Legislation seeking to make public benefits beneficiaries pass drug tests continued to popular in Republican-dominated state legislatures in 2013, with bills introduced in at least 30 states, but by year's end, only a handful had actually passed, and all of those were "reasonable suspicion" bills instead of bills requiring mandatory, suspicionless drug testing. Drug testing bills passed in Kansas (welfare, unemployment), North Carolina (welfare, passed over the Republican governor's veto), Michigan (unemployment), and Texas (unemployment). But as the year went on, there was rising criticism of the cost of enforcing such legislation and the small number of actual drug users found in states that had previously passed similar bills, including Minnesota, Oklahoma, and Utah. And the last day of 2013 saw a federal judge throw out Florida's suspicionless welfare drug testing law as unconstitutional. The up side is that that ought to drive a stake through the heart of any more suspicionless drug testing bills; the down side is that legislators elsewhere have already figured that out, which is why all of the 2013 bills that passed were "reasonable suspicion" bills.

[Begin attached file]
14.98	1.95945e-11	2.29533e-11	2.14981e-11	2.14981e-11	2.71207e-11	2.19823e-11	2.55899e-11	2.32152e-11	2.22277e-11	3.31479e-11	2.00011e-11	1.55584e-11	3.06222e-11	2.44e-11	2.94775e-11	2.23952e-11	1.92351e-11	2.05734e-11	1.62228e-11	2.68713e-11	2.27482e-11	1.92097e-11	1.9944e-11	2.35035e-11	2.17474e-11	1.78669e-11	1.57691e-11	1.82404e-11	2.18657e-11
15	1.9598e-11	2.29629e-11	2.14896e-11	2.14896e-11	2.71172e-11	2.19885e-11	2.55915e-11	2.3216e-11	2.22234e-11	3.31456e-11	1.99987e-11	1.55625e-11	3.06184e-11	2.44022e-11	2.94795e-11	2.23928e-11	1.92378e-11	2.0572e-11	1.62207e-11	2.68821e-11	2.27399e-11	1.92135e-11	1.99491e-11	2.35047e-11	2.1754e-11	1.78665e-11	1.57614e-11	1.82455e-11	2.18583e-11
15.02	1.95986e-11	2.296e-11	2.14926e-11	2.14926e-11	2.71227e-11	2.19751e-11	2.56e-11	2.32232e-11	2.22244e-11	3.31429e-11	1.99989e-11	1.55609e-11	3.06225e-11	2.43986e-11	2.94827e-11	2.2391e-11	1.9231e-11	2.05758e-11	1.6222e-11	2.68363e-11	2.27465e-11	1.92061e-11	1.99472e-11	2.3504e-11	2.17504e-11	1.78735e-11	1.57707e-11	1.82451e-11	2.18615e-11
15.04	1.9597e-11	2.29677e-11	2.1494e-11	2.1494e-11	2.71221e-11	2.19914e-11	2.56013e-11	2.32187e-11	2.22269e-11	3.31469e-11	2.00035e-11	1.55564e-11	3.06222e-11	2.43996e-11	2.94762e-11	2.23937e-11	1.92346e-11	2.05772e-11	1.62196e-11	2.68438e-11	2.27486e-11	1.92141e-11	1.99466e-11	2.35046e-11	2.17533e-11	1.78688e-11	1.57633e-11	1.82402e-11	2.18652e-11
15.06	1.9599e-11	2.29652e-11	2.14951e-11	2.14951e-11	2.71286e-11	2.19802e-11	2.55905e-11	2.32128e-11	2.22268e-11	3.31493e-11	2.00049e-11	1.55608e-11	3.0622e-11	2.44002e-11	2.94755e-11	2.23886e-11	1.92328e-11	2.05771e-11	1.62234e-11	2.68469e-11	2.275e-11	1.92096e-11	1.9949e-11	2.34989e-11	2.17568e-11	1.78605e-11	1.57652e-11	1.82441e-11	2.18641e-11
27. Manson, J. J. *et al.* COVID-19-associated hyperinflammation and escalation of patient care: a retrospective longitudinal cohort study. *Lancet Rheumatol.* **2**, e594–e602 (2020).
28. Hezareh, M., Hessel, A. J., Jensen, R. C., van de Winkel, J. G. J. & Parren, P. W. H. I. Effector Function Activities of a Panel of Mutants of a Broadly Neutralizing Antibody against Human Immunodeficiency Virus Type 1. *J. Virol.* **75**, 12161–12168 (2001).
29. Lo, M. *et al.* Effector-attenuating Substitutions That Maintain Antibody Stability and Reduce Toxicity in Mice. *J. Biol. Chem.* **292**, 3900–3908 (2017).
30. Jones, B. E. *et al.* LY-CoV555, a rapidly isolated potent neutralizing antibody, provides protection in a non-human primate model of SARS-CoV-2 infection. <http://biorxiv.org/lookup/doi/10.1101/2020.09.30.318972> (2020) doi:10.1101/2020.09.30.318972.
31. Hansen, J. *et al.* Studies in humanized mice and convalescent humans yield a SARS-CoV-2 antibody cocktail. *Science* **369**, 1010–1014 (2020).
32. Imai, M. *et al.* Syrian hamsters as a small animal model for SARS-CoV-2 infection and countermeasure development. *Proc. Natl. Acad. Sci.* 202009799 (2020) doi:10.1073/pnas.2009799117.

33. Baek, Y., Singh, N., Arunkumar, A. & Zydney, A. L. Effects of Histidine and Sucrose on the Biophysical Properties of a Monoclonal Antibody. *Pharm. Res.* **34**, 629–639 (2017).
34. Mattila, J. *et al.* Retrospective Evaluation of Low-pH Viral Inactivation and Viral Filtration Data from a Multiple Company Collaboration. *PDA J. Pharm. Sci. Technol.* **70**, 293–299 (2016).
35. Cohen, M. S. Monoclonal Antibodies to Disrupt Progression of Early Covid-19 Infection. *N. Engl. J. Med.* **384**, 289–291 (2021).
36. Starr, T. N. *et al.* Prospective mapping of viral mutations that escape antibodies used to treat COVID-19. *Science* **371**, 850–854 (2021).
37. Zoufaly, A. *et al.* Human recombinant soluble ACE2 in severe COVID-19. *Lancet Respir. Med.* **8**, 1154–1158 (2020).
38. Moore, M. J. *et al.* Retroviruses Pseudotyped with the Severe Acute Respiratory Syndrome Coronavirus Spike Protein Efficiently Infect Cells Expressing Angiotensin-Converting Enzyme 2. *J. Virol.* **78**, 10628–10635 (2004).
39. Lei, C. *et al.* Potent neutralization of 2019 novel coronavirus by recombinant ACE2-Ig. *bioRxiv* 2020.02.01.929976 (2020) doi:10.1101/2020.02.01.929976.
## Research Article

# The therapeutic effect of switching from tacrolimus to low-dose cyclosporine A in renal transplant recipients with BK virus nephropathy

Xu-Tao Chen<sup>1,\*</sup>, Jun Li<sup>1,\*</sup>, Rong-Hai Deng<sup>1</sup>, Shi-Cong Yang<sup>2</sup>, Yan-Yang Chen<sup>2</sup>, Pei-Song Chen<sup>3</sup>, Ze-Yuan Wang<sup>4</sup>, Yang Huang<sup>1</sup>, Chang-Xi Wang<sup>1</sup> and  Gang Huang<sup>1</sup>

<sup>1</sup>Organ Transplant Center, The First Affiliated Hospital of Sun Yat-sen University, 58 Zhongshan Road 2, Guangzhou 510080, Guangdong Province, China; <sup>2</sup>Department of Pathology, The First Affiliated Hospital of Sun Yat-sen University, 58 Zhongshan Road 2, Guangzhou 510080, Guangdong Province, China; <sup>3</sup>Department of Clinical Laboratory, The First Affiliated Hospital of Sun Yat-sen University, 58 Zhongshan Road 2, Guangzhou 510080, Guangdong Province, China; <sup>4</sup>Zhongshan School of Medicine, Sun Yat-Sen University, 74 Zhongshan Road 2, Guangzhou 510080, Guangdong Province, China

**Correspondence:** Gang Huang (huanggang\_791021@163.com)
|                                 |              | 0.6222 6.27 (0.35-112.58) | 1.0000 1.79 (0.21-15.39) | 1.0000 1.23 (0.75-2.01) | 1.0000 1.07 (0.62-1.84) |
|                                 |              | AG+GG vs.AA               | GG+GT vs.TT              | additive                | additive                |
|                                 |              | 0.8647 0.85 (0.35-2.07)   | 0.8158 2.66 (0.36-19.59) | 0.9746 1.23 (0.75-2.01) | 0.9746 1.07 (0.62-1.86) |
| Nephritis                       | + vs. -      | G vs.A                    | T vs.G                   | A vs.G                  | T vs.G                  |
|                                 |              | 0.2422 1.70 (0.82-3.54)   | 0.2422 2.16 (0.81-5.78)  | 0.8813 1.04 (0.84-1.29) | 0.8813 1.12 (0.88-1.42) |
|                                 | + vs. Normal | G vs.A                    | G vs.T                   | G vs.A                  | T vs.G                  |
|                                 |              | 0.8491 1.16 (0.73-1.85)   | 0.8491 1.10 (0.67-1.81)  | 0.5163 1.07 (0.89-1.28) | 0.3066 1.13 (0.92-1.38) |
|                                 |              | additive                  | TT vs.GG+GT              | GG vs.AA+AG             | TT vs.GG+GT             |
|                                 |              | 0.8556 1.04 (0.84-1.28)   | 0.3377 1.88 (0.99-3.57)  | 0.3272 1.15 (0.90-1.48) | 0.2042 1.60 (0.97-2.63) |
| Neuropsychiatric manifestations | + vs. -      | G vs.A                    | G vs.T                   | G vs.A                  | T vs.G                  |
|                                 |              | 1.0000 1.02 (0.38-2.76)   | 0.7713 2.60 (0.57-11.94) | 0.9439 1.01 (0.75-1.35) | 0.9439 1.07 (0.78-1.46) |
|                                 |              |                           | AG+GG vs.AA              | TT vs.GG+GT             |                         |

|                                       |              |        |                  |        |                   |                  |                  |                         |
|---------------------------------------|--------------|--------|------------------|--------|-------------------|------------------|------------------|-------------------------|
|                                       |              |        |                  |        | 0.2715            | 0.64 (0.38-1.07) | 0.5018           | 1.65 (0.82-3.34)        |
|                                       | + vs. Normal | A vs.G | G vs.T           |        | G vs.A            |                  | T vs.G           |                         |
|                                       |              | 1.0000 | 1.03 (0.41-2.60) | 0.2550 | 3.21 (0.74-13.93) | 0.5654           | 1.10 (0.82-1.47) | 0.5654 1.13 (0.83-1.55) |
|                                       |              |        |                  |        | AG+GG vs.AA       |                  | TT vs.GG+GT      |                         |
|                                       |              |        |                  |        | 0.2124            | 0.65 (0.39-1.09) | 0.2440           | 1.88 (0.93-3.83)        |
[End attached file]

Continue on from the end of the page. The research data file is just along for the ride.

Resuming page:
#9 Historic Firsts for Hemp

Not only were industrial hemp bills filed in both houses of Congress last year, but for the first time ever, the House passed a hemp production measure. The measure was an amendment to the farm bill, but unfortunately, the entire bill was defeated after Republicans attempted to attach drug testing provisions for food stamp recipients. A later version of the bill passed without the hemp amendment. Still, there is hope that the hemp amendment, which also had Republican support, will reemerge whenever the Senate and House meet in conference committee. Meanwhile, more states took up hemp legislation, with a bill passing Kentucky and another one passing in Colorado (as part of the implementation of Amendment 64). Hemp bills were also filed in California (approved in the state Senate), Missouri, New Jersey, and Vermont (as part of a broader legalization bill). And in November, a Colorado farmer oversaw the first hemp crop harvest since World War II., even though it remains illegal under federal law.

#10 Obama Exercises Clemency Power, Commutes Sentences of Clarence Aaron, Seven Others